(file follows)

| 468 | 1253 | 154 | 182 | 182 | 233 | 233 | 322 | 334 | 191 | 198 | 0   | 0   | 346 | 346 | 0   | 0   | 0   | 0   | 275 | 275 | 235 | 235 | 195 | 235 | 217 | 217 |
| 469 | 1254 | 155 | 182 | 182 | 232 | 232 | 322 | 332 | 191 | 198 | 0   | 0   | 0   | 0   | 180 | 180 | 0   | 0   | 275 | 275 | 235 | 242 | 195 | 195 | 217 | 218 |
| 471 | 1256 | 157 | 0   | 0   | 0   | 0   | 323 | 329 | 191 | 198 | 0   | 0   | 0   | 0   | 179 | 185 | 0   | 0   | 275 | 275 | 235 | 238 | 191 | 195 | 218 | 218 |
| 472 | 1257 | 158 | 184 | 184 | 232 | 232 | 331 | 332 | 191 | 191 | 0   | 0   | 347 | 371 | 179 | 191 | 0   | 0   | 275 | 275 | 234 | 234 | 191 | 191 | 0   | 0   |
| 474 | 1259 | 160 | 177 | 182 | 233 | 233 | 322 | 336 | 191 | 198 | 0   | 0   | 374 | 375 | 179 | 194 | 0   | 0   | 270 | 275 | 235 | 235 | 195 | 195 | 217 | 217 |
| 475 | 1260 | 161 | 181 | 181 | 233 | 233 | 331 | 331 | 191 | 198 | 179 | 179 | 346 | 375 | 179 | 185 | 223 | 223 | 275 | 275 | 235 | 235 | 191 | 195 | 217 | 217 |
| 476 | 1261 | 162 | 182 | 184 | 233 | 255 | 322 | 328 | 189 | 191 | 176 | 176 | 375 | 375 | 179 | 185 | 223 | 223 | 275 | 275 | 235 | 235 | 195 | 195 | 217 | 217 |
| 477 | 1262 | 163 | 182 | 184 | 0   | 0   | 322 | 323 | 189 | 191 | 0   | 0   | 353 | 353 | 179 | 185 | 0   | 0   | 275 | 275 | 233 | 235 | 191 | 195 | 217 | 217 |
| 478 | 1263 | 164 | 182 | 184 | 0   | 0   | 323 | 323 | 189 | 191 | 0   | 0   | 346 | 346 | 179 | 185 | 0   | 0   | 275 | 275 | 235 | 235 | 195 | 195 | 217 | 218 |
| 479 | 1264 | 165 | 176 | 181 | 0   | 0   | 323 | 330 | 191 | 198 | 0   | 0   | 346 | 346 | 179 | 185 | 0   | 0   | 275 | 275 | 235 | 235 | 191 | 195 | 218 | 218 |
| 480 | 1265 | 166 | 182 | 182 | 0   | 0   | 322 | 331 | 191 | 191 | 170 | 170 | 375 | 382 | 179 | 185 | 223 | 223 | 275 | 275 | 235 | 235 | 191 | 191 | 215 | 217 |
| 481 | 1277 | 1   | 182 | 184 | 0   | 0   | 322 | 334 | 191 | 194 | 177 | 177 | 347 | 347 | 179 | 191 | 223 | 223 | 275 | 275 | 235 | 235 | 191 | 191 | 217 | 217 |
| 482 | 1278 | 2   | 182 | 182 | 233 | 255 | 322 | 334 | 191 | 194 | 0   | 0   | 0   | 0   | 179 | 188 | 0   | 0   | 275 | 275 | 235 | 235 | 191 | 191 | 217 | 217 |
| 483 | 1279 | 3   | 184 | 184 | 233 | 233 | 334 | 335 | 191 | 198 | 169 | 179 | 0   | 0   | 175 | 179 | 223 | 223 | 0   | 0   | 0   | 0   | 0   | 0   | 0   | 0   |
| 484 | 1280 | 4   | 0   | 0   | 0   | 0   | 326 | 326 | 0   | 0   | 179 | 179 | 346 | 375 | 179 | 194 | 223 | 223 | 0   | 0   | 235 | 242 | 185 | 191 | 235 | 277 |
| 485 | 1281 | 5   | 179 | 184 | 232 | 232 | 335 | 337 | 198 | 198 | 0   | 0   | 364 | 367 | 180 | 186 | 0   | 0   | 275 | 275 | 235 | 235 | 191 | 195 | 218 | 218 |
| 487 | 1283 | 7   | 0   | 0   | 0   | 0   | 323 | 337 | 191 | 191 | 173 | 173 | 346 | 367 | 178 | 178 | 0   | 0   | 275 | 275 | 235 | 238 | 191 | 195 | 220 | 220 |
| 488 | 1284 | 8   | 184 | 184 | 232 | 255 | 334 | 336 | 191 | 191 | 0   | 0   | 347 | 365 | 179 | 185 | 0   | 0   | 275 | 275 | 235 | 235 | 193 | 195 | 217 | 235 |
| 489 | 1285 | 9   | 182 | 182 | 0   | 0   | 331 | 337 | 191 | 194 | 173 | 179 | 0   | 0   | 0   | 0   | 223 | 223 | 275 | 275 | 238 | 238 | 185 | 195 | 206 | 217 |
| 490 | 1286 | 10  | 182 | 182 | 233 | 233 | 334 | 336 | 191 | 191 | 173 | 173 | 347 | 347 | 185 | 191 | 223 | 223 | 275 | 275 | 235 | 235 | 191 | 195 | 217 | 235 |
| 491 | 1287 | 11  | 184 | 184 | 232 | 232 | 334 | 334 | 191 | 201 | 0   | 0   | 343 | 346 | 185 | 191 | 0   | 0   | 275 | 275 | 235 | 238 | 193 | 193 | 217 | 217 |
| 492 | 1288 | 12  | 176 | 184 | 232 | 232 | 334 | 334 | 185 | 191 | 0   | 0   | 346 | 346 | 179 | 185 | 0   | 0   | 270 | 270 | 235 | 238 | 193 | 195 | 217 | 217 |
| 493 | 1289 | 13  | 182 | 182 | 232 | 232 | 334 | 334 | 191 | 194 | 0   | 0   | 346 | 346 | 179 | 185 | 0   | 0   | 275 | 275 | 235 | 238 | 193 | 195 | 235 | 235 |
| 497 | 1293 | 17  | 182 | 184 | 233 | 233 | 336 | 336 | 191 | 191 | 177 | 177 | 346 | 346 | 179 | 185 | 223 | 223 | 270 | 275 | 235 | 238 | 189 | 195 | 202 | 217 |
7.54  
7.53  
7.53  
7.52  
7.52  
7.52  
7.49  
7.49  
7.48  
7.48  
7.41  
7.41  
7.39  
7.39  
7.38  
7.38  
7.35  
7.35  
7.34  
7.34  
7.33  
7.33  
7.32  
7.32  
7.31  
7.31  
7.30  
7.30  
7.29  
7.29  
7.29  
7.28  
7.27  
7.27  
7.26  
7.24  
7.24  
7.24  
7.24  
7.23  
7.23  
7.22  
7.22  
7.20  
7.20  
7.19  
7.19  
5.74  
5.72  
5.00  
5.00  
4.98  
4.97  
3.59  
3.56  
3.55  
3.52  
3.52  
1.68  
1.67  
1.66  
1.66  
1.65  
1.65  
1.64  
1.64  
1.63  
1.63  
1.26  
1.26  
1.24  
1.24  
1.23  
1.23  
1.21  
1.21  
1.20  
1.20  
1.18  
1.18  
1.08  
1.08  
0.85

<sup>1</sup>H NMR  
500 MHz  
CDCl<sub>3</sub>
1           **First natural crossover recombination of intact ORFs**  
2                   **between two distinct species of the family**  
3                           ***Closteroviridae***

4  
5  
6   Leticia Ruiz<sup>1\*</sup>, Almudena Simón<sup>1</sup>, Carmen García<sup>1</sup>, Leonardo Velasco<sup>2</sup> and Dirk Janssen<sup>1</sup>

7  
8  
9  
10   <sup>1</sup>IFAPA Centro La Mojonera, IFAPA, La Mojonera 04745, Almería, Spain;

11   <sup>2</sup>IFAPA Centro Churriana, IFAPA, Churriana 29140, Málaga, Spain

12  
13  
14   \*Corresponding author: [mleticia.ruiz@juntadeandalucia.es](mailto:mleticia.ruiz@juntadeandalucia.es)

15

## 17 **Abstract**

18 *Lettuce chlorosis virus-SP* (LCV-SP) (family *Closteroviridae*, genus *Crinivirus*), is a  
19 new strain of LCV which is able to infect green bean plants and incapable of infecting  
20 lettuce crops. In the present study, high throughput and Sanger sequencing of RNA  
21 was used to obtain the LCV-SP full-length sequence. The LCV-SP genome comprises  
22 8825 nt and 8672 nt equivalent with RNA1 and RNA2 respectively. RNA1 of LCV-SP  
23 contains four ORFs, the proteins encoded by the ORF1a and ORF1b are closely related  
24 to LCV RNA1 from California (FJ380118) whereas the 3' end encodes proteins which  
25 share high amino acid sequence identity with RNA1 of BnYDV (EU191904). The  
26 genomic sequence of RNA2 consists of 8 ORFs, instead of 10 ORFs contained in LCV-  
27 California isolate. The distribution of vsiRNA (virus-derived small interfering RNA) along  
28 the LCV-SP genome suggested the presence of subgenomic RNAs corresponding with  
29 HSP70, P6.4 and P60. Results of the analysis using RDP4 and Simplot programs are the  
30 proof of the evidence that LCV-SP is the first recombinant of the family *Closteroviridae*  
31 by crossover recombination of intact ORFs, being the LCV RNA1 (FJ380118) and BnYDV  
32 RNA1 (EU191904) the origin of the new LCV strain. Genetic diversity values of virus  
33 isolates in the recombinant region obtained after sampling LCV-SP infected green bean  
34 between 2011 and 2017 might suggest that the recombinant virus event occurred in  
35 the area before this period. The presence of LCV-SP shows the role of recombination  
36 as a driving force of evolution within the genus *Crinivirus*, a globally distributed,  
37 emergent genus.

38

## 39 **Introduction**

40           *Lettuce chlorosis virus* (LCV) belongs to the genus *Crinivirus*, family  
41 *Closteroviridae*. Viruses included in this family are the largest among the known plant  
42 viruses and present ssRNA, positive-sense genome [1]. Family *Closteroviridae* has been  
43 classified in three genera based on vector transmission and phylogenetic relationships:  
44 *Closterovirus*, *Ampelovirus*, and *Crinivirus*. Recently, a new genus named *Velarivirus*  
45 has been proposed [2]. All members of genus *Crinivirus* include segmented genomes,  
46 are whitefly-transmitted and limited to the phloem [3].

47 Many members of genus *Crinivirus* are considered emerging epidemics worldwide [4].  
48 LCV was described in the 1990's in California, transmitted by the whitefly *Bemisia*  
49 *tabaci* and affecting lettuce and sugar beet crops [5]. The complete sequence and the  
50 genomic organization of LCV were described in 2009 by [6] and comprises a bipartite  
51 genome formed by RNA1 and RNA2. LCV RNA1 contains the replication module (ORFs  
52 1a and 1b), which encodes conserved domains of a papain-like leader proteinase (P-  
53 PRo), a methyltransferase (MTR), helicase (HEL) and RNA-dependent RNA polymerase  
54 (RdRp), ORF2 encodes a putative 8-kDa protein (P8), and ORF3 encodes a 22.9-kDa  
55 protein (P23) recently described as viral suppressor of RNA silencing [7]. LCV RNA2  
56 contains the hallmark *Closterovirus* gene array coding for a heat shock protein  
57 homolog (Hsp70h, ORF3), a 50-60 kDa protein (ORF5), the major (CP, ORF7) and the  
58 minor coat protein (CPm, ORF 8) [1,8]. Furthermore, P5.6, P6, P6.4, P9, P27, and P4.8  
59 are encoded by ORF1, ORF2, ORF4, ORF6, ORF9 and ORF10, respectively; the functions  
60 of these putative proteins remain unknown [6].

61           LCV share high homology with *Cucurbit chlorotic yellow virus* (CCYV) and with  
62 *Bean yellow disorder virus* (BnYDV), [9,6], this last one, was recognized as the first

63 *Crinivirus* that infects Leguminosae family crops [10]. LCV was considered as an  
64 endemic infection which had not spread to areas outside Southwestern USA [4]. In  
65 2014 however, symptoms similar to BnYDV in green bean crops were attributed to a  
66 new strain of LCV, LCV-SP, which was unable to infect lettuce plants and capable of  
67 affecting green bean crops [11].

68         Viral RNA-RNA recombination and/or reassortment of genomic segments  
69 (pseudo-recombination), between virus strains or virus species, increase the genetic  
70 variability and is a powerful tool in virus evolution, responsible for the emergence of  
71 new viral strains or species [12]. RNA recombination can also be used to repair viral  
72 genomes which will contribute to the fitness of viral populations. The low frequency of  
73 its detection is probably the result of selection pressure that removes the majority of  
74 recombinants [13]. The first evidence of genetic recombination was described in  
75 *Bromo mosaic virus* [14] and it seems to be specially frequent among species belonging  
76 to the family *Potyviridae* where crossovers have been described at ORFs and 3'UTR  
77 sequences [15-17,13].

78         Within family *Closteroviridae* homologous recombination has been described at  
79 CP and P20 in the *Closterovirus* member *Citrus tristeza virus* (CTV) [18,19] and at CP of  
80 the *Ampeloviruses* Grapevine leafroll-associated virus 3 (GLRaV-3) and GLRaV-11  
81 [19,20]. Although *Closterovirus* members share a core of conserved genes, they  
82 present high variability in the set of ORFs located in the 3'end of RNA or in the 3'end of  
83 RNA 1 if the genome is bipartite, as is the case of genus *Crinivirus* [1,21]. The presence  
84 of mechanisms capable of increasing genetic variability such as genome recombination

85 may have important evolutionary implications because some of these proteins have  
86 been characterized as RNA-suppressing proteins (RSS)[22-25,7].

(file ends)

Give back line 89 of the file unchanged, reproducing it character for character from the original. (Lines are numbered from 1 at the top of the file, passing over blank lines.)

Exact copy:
1.64  